Enough Already!


Article by Grace DurfeeDo you sometimes have trouble knowing when it’s quitting time? Do you fall into the “I’ll just do one more thing” trap? Or do you tend to think that if you spend a little more time or give it one more pass, the final outcome will be better? I know I can be guilty of all of the above. I’m not advocating doing a slipshod job, but I do want to make a case for knowing when good enough is just that — good enough!

Most people are surprised to learn that I minored in Economics, actually International Economics, back in my college days at William and Mary. There’s not much from those courses that apply to my current work, but there are two economic concepts that I think really relate here: diminishing returns and opportunity costs.

With diminishing returns, there comes a point when additional effort doesn’t yield further benefit and can, in fact, begin to erode the results already achieved. I confess that I probably reach a point of diminishing returns each month when I write my newsletter. During my first or second read-through, I catch most of the typos and grammatical errors and may decide to tweak an awkward or lengthy sentence. The polishing and refining beyond that likely doesn’t make much difference to my readers, but it does start to wear me down. I am working on being able to say, “Enough already!” so that I can press “send” before the end of the working day on the last day of the month. Now that I’ve shared this, I’ve created accountability for myself, which can be a way of catching oneself before perfectionism gives way to diminishing returns.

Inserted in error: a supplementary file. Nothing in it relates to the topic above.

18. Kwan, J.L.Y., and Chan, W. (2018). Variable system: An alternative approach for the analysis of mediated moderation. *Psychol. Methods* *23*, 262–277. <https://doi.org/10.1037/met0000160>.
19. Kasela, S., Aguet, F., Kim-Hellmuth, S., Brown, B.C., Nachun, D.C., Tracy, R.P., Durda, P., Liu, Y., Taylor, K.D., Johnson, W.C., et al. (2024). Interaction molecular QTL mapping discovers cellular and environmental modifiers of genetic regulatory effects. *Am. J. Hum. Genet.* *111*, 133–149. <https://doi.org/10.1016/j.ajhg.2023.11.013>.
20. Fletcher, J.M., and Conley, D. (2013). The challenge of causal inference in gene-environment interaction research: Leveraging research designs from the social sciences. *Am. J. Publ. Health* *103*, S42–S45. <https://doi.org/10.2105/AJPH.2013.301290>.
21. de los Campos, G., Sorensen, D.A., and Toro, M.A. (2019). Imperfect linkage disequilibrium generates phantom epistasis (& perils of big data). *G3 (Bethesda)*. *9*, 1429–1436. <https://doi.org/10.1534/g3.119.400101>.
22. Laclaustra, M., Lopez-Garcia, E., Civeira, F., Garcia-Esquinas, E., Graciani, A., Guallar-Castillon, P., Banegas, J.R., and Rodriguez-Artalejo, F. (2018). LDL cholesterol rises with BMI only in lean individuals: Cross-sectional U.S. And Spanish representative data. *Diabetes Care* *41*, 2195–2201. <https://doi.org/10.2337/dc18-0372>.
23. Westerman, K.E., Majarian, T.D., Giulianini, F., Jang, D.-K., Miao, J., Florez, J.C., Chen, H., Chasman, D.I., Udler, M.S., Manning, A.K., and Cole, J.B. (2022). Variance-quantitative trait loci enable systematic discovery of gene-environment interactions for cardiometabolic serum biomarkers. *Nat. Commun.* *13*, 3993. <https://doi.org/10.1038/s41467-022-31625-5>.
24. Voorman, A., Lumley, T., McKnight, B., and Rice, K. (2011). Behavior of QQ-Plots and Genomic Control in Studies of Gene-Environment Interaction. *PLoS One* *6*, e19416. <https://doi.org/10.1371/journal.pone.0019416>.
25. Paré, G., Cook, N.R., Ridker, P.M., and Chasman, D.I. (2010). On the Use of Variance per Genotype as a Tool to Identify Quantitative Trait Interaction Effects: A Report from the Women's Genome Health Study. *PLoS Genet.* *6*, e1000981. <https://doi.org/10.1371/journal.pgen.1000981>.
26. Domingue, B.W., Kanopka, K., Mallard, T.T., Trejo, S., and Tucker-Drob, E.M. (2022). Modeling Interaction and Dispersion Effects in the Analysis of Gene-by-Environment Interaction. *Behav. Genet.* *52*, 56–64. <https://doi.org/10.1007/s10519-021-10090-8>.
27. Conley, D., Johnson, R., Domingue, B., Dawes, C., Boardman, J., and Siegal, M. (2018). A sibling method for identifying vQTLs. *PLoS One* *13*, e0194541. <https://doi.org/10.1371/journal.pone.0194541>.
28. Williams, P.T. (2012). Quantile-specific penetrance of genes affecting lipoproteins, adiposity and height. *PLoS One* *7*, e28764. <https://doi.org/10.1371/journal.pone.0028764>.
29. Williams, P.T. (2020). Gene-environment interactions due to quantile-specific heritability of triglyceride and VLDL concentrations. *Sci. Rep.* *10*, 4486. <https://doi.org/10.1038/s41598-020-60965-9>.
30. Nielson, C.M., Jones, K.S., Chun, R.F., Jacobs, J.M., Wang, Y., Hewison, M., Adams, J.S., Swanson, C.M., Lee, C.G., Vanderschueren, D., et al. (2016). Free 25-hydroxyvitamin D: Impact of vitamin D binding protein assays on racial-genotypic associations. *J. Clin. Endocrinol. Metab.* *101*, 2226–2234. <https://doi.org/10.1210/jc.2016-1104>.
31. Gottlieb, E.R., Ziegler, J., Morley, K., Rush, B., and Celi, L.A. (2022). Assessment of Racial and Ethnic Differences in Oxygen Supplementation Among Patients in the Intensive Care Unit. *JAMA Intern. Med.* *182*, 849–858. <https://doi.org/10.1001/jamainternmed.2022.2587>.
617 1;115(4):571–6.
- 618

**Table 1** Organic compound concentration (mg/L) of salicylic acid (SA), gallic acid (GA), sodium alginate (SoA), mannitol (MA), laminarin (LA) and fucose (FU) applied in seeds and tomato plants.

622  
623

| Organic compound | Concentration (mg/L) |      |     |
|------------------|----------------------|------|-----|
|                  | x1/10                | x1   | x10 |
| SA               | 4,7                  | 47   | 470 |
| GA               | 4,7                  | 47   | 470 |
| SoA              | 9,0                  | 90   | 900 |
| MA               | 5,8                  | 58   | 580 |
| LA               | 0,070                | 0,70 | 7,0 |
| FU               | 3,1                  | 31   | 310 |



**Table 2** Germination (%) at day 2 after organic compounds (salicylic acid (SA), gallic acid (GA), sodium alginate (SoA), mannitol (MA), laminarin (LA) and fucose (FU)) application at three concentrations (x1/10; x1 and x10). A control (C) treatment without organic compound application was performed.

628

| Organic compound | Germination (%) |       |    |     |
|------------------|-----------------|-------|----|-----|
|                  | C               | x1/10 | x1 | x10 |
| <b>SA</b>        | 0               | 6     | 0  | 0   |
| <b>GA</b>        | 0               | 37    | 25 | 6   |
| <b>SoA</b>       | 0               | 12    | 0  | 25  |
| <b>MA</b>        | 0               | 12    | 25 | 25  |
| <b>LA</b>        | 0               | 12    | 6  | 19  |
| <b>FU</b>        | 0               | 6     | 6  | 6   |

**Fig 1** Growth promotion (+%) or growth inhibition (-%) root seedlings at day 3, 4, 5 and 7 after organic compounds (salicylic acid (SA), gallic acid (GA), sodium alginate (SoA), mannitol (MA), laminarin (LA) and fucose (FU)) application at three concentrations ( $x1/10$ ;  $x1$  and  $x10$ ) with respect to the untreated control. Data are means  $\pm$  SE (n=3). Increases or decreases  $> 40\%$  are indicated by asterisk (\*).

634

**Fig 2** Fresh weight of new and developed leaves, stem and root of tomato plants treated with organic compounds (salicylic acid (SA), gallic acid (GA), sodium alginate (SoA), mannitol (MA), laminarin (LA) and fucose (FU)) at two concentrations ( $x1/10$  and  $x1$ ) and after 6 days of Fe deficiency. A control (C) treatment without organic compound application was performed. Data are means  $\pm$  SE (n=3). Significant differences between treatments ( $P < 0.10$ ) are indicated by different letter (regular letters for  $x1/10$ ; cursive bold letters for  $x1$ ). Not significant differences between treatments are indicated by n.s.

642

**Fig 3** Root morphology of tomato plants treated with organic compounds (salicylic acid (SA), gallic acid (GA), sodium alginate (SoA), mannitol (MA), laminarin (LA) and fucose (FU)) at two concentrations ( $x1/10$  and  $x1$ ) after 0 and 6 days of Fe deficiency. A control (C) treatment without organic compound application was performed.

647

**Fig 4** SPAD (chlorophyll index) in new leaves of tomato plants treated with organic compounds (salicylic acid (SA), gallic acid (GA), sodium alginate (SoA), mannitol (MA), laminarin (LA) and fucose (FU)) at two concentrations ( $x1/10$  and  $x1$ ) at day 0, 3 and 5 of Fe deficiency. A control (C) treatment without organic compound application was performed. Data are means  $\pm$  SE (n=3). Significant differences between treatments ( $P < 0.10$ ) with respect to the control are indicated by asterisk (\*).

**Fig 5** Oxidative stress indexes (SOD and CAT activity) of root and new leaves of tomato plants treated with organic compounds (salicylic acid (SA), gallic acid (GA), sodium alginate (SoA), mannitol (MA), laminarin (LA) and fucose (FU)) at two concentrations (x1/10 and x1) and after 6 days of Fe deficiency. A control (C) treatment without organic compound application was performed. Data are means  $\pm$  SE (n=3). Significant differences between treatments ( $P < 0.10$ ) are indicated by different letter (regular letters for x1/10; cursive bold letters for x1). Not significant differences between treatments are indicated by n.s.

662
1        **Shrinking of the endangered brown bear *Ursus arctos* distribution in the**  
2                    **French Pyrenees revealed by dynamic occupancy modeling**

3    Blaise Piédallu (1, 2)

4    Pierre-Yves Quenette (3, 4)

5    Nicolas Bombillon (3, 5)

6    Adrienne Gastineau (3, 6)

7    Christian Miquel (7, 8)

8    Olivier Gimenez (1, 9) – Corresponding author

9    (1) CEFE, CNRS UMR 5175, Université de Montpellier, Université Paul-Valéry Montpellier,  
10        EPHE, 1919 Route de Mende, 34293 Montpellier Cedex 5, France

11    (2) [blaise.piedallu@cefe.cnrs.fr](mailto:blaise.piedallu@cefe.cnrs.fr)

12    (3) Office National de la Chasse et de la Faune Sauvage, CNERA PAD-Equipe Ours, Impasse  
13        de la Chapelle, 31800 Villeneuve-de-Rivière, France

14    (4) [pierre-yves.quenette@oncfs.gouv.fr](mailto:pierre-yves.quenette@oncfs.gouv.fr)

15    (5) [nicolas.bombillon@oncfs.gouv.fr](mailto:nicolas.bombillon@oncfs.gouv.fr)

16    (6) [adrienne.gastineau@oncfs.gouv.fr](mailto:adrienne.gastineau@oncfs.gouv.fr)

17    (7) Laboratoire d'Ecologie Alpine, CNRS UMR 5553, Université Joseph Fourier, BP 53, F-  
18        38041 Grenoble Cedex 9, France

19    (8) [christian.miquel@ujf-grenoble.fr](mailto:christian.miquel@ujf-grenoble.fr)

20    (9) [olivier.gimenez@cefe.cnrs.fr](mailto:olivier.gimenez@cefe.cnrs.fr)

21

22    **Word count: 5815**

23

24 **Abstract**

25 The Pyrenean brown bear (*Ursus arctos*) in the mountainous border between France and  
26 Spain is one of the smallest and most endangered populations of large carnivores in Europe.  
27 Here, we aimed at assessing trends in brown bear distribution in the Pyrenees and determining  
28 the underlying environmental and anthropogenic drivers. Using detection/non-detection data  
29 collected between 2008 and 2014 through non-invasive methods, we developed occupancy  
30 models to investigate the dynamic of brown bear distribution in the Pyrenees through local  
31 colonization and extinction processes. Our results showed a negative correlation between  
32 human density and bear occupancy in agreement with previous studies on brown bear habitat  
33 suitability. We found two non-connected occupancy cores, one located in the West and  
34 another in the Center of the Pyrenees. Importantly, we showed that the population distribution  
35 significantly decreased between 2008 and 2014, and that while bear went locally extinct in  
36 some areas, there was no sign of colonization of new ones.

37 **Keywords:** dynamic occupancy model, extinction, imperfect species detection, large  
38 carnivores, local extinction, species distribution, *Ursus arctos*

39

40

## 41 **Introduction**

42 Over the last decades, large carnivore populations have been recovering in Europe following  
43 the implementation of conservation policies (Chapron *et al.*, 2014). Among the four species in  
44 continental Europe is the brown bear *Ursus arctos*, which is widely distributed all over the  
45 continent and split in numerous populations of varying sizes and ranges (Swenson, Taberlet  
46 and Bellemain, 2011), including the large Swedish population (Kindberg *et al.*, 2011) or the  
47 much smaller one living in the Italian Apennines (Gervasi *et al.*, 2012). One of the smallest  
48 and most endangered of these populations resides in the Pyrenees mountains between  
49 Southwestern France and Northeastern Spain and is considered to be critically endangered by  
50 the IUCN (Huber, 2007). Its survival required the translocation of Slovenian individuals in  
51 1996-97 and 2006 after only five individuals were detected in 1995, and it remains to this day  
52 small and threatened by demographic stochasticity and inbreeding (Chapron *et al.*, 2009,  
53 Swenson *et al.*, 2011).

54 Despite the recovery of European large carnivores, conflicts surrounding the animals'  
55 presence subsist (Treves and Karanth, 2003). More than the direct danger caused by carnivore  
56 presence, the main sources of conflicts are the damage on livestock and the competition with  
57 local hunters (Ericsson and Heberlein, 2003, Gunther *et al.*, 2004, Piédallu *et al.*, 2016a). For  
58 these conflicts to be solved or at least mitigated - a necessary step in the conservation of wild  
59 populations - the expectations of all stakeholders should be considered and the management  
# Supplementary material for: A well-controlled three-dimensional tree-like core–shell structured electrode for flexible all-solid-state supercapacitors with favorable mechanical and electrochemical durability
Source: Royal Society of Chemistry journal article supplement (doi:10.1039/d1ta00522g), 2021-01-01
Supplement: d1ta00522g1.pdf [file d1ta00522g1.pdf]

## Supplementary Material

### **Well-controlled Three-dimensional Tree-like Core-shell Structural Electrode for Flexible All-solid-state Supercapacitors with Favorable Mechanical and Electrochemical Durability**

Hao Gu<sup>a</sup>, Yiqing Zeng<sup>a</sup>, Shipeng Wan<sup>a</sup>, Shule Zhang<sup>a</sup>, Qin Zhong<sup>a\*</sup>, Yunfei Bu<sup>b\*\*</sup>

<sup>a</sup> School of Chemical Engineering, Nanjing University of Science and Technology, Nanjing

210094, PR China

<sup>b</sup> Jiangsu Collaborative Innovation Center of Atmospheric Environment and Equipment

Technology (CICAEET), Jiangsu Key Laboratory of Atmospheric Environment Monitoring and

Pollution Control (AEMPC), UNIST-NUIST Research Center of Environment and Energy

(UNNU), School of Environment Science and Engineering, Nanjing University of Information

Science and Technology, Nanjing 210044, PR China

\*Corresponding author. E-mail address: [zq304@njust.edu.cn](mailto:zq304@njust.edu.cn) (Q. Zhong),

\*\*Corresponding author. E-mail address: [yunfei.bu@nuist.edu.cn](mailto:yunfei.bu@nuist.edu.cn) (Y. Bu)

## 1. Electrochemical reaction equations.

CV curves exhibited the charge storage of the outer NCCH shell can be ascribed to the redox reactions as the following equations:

• How can you recognize when enough is enough?
  • What do you tend to go overboard on?
  • How can you reel yourself in?

Opportunity costs are the opportunities that you miss or give up because of making a different choice. Time, attention, and money are resources that can be invested into only one thing at a time. (Many of us have bought into the myth of multi-tasking, thinking that we can effectively splinter time and attention into multiple areas. In actuality, our attention flits back and forth between things. Since we have to constantly re-focus, this can be much less productive than sticking to one thing at a time). What wasn’t chosen is the opportunity cost. Too often, our opportunity costs are what we place a high priority on in our lives. Over the short term, it’s possible to neglect some of these, but when this becomes a pattern, imbalance and dissatisfaction results.

  • What are your top five priorities?
  • Thinking back over the past two weeks, how have your choices aligned with your
    priorities?
  • How can you stop giving short shrift to that which is most important?

May you find a better balance by being mindful of what’s most important, and recognizing when it’s enough already.

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